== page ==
Casualties
German soldiers pause before the graves of their fallen comrades.
Suda Bay War Cemetery
Memorial for Greek and Australian soldiers in the center of Rethymno.

Official German casualty figures are hard to determine with exactitude due to minor variations between different documents produced by the various German commands on various dates. Davin has calculated an estimate of 6,698 based upon an examination of various sources.[78] This total excludes the 8 Fliegerkorps as well as any casualties suffered by the Kriegsmarine in the aborted seaborne landings. Davin also notes that his estimate might exclude several hundred lightly wounded soldiers.[79] Other minor omissions are possible. However, Davin states in regard to the Battle of Crete:

Reports of German casualties in British reports are in almost all cases exaggerated and are not accepted against the official contemporary German returns, prepared for normal purposes and not for propaganda.[80]

These exaggerated reports of German casualties began to appear almost immediately after the battle had ended. Taylor cites a report published in the New Zealand newspaper The Press on 12 June 1941 that:

The Germans lost at least 12,000 killed and wounded, and about 5,000 drowned [81]

Winston Churchill claimed that the Germans must have suffered well over 15,000 casualties,[27] while Admiral Cunningham felt that the figure was more like 22,000.[dubious – discuss] Buckley, based on British intelligence assumptions of two enemies wounded for every one killed, gave an estimate of 16,800 total casualties. Despite the enduring popularity of these rather fanciful estimates, the United States Army Center of Military History, citing a report of the Historical Branch of the British Cabinet Office, concludes military historians largely accept estimates of between 6,000 and 7,000 German casualties as correct.[82]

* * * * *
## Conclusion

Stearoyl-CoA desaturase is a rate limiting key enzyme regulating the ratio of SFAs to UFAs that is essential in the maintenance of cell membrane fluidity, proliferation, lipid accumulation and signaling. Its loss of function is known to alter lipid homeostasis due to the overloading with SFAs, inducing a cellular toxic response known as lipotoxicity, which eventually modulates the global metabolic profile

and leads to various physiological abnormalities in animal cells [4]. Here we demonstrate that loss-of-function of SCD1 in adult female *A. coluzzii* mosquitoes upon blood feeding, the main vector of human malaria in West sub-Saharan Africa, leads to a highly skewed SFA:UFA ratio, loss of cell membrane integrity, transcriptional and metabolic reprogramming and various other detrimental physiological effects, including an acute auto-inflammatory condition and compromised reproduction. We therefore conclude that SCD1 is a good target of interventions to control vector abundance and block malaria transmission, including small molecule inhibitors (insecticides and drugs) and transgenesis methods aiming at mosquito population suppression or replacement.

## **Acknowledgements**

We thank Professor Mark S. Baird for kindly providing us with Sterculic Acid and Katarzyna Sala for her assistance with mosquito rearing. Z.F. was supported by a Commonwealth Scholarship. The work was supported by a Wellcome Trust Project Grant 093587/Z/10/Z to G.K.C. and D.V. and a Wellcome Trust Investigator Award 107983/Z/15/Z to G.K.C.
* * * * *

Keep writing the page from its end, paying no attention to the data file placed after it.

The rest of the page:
The Australian Graves Commission counted a combined total of roughly 5,000 German graves in the Maleme-Suda Bay area, at Rethymno and at Heraklion. Davin concludes that this total would have included a sizeable number of deaths during the German occupation due to sickness, accidents or fighting with partisan forces.[83]

The German casualties included a lengthy list of commissioned officers. Leading this list is Major General Wilhelm Süssman, commander of the 7th Flieger Division and Group Centre in the assault, who died when his glider detached and crashed in an accident on 20 May whilst en route to Crete. Also prominent on this list is Major General Eugen Meindl, commander of Luftlande Sturmregiment and Group West in the assault, who was shot in the chest on 20 May and evacuated the following morning. According to Davin, the only German prisoners evacuated to Egypt were 17 captured officers.